Scotland hopes to save wild salmon by planting millions of trees next to rivers

Photo: Colin Smith (CC BY-SA 2.0)

Millions of trees are being planted beside Scotland’s remotest rivers and streams to protect wild salmon from the worst effects of climate heating.

Fisheries have planted 250,000 saplings along key tributaries of the River Dee and plan to plant a million by 2035.

LINK (via: The Guardian)

4 thoughts on “Scotland hopes to save wild salmon by planting millions of trees next to rivers

  1. Okay, so that’s the lovely River Dee’s waters on their way to being cooled down a little and made a little more user-friendly for returning Atlantic salmon and their resulting ova, fry, parr and descending smolts, but what about the much-warmed and almost certainly now migrating juvenile salmon-hostile North Atlantic, chaps? I am increasingly inclined to think now that the salmon rivers of Scotland, England and Wales could be helped or made to produce as many ocean-going smolts as we Anglers and their much-invested owners could ever desire, but , unless the little leaving critters actually reach the Arctic feeding grounds unscathed (and find plentiful food there), it’s all just “Nothing to do with us, not our fault, this blasted salmon crash”, facelifted rivers “cosmetics”.

    1. At least a reasonable effort is being made despite the many unknown unknowns!
      No one can predict or guarantee the outcome but that should not prevent us from trying!! Those trees will absorb some CO2 and help stabilize the river banks from erosion at the very least!

  2. The new shade-trees will do no harm whatsover, Mike, but the Dee and many British and Irish rivers were, year in, dependable though fluctuating (big years – small years) year out, producing salmon by the net- and rod-caught ton until around 25 years ago without them, until the great, slow at first, then suddenly super-fast Pfff! Gone! dying happened.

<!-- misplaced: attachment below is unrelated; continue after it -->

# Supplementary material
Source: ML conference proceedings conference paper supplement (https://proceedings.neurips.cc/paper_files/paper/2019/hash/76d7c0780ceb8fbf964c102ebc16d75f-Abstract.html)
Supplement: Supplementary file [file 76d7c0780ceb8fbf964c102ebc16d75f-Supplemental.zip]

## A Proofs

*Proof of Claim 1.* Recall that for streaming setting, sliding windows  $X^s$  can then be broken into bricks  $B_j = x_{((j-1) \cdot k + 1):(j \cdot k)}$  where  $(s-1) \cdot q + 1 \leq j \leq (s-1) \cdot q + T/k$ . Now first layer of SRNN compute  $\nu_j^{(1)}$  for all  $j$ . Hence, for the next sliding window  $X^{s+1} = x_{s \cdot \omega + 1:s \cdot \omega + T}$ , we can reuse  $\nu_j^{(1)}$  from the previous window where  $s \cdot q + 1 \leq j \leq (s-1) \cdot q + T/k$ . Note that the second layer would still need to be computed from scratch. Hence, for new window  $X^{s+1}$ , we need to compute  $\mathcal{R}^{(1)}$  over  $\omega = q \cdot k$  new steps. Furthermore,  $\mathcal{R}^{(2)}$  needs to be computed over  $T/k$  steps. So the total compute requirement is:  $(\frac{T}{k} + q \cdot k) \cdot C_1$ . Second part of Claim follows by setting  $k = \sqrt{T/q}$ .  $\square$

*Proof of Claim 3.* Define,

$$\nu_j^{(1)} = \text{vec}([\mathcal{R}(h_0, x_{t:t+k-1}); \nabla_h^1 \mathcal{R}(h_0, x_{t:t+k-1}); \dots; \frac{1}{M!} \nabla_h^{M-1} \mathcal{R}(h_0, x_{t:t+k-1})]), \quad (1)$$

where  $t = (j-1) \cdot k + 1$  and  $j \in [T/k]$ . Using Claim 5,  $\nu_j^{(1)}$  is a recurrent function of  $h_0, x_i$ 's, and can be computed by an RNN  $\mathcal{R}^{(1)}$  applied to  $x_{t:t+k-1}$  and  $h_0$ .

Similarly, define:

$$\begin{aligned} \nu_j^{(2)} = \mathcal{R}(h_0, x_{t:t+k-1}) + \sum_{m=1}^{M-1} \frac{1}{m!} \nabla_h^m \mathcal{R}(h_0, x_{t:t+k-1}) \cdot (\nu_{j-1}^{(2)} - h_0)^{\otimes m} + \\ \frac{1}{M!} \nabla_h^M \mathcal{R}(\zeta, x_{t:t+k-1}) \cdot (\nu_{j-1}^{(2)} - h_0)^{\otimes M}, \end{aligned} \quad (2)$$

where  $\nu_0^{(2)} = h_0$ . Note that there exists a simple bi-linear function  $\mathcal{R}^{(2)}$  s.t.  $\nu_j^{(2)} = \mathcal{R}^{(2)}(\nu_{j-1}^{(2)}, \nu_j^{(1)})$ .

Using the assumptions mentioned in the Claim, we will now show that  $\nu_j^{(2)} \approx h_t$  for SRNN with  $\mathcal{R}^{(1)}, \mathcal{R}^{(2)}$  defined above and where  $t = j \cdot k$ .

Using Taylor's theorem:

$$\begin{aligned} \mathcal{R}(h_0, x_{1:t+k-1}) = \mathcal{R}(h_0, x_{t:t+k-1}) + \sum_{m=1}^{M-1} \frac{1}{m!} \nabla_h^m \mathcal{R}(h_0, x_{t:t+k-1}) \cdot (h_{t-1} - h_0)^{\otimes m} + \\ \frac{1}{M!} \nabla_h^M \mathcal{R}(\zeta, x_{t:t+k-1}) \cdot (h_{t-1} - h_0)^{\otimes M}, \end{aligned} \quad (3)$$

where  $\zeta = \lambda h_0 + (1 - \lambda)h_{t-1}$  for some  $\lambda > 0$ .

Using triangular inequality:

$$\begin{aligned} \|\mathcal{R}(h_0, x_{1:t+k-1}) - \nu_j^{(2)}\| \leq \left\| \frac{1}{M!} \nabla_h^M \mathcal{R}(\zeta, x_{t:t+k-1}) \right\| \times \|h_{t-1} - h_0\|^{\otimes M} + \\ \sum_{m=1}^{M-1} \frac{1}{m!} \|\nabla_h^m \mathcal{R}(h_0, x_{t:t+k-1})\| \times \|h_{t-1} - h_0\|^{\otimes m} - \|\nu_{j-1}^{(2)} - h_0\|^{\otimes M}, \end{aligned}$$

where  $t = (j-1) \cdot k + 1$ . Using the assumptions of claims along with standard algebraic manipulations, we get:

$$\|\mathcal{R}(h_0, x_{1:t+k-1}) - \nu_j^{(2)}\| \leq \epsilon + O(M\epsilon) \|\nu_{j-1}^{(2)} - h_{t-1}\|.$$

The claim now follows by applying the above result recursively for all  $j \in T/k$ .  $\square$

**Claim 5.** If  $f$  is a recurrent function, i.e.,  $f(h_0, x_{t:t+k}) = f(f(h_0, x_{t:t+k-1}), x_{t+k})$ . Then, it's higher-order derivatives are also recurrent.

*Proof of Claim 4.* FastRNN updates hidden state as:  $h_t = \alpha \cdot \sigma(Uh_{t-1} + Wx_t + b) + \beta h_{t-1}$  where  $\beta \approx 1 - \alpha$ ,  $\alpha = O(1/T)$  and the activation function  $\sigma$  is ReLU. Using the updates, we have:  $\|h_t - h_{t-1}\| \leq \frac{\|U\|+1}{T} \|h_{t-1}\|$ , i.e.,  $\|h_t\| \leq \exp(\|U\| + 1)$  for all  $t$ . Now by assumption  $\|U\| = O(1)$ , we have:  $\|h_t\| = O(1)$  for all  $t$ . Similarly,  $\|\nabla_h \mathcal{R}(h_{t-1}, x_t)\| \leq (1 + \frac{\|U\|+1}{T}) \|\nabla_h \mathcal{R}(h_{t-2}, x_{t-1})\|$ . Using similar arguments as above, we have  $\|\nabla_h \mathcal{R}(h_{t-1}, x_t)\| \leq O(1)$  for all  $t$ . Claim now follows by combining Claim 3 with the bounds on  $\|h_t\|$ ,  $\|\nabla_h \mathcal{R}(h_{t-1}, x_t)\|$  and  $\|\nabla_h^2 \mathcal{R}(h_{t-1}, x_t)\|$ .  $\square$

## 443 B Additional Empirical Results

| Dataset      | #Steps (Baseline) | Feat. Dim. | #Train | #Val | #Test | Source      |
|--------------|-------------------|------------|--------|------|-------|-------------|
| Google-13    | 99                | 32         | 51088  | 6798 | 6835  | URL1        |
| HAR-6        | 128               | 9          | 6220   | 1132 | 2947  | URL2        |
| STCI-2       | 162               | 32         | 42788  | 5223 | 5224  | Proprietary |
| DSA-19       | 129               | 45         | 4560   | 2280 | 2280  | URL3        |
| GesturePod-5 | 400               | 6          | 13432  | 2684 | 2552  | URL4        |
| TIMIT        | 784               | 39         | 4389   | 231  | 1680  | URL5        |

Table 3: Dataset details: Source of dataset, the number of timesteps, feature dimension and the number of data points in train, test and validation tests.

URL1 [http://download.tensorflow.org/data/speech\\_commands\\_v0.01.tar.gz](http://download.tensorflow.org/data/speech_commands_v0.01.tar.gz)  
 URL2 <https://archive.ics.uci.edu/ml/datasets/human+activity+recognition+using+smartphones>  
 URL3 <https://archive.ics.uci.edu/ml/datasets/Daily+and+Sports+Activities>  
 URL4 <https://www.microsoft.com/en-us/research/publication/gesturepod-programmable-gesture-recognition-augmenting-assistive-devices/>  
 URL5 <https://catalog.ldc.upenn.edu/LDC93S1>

Thw owners and fishers tutted in exasperation and did nothing, except to look impotently on and bitterly complain and, in the wealthier cases, begin hitting the newly available in the early 1990s Russian Kola, where they could catch more salmon in a week, even in a day, than they could in a decade on their now totally shot domestic rivers.

    And so it went on.

    Now we have upper-case M Management.

    And studies and reports and breeze-shooting meetings held and internationally flying done to discusss the dearth of salmon.

    Meanwhile, the climate changes, the Arctic ice melts, the seas warm and the little little southern-ranges migrating smolts cook with them before they can reach the Greenland feeding grounds.

    “But WHAT is to blame?” the Management wails. “Salmon farming? The predators (riverine and marine birds, coastal and estuarine seals, everything up to and including Orcas)? The wholesale netting of sandeels and other oily fish for agricultural feed? (Etc, etc, et ruddy Likely Suspects cetera)”

    Lot of money being spent on the “stable” far too belatedly, I believe, long after the environmental horse concerned bolted.

    Hence my scepticism about the new and ever-proliferating “Put Out More Multi-$$$s/£££s Salmon-Saving Project Flags!” Crews. We are going to have to start acting as if we really mean what we keep saying about saving the planet, the seas, Nature and ourselves (and “Our” big bucks sacred cow salmon) by actually cooling it, and not after the next the bar nine inconclusive in-depth, in-house scientific report hits the Smart Usual Suspects Save the Salmon Set’s doorsteps, but in the real world – real people here and NOW!

    “I’m afraid his is going to sting a little…”

    Boote, a man who once caught a fair number of those lovely but long-cursed by their strident Salar Mafia advocates and do-nothing none-too-bright owners creatures, out.

  3. One correction to the hastily bashed out above:

    Lot of money being spent on the “stable door” being far too belatedly closed long after the environmental horse concerned bolted.

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